In both periods, disorder created an atmosphere of opportunity. In Meiji, a new-found sense of freedom encouraged entrepreneurs to assume risks. Post-war, it was hunger and desperation that lowered the barriers to assuming risk. Prospective entrepreneurs had nothing to lose. They started with nothing – but nothing stood in their way.

In this hungry environment, people like Masaru Ibuka and Akio Morita, the founders of Sony, were not deterred by the absence of government grants.

Beyond dispute, the Japanese have enormous latent entrepreneurial effort. But set against it is a corresponding societal instinct to smother anything that moves in bureaucratic process; to eliminate anything that smacks of disorder, randomness or risk. The result is unparalleled excellence in manufacturing but stunted entrepreneurial energy.

This gives rise to a disturbing notion that Japan grows like a forest in which new saplings can only emerge once fire releases the seeds from pine cones and allows sunlight to reach the forest floor. Although perhaps an effective mechanism, it requires undue suffering among ordinary people.

So how might Japan learn to grow without burning its entire structure to the ground? In my next post, I’ll look at some practices that need to stop in order to start up a reinvigorated entrepreneurial economy.

William Saito
Special Advisor at Cabinet Office (Govt. of Japan)
Named by Nikkei as one of the “100 Most Influential People for Japan,” Saito began software programming at an early age and started his own company in high school. By the time he was named Entrepreneur of the Year in 1998 (by Ernst & Young, NASDAQ and USA Today), he was recognized as one of the world’s leading authorities on encryption, biometric authentication and cyber security.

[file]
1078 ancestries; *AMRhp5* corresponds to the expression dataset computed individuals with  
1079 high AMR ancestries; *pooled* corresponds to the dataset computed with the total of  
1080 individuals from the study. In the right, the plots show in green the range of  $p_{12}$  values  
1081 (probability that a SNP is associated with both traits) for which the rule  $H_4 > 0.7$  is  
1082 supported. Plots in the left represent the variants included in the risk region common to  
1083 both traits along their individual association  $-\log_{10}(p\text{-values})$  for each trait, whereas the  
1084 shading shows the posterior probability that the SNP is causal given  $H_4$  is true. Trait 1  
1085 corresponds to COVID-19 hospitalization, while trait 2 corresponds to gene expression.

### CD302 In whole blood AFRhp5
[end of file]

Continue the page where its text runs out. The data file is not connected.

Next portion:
After selling his business to Microsoft, he moved to Tokyo in 2005 and founded InTecur, a venture capital firm and consultancy that identifies innovative technologies, develops global talent and helps entrepreneurs become successful. In 2013, Saito was appointed a Special Advisor to the Cabinet Office for the Government of Japan.

Similarly, in 2012 he served as a council member on national strategy for the Cabinet-level National Policy Unit, and prior to that, was named as the Chief Technology Officer for the Fukushima Nuclear Accident Independent Investigation Commission (NAIIC). He is a Foundation Board Member at the World Economic Forum (WEF), and has been named by the WEF as both a Young Global Leader and Global Agenda Council member.

Saito also advises several national governments around the globe. In Japan, he has also served as an advisor to METI, MIC, MEXT, MLIT, AIST, IPA and the Japan Society for the Promotion of Science (JSPS), among others.

He teaches at multiple universities, serves on several corporate boards, appears as a commentator on national TV and is the author of numerous publications in addition to writing a weekly column for a prominent Japanese business newspaper. His best-selling management book, The Team: Solving the Biggest Problem in Japan, was published by Nikkei BP in 2012, his follow-on book, Is Your Thinking up to Global Standards?, was published by Daiwa Shobo in late 2013 and his autobiography, An Unprogrammed Life: Adventures of an Incurable Entrepreneur, was published in 2011 by John Wiley & Sons.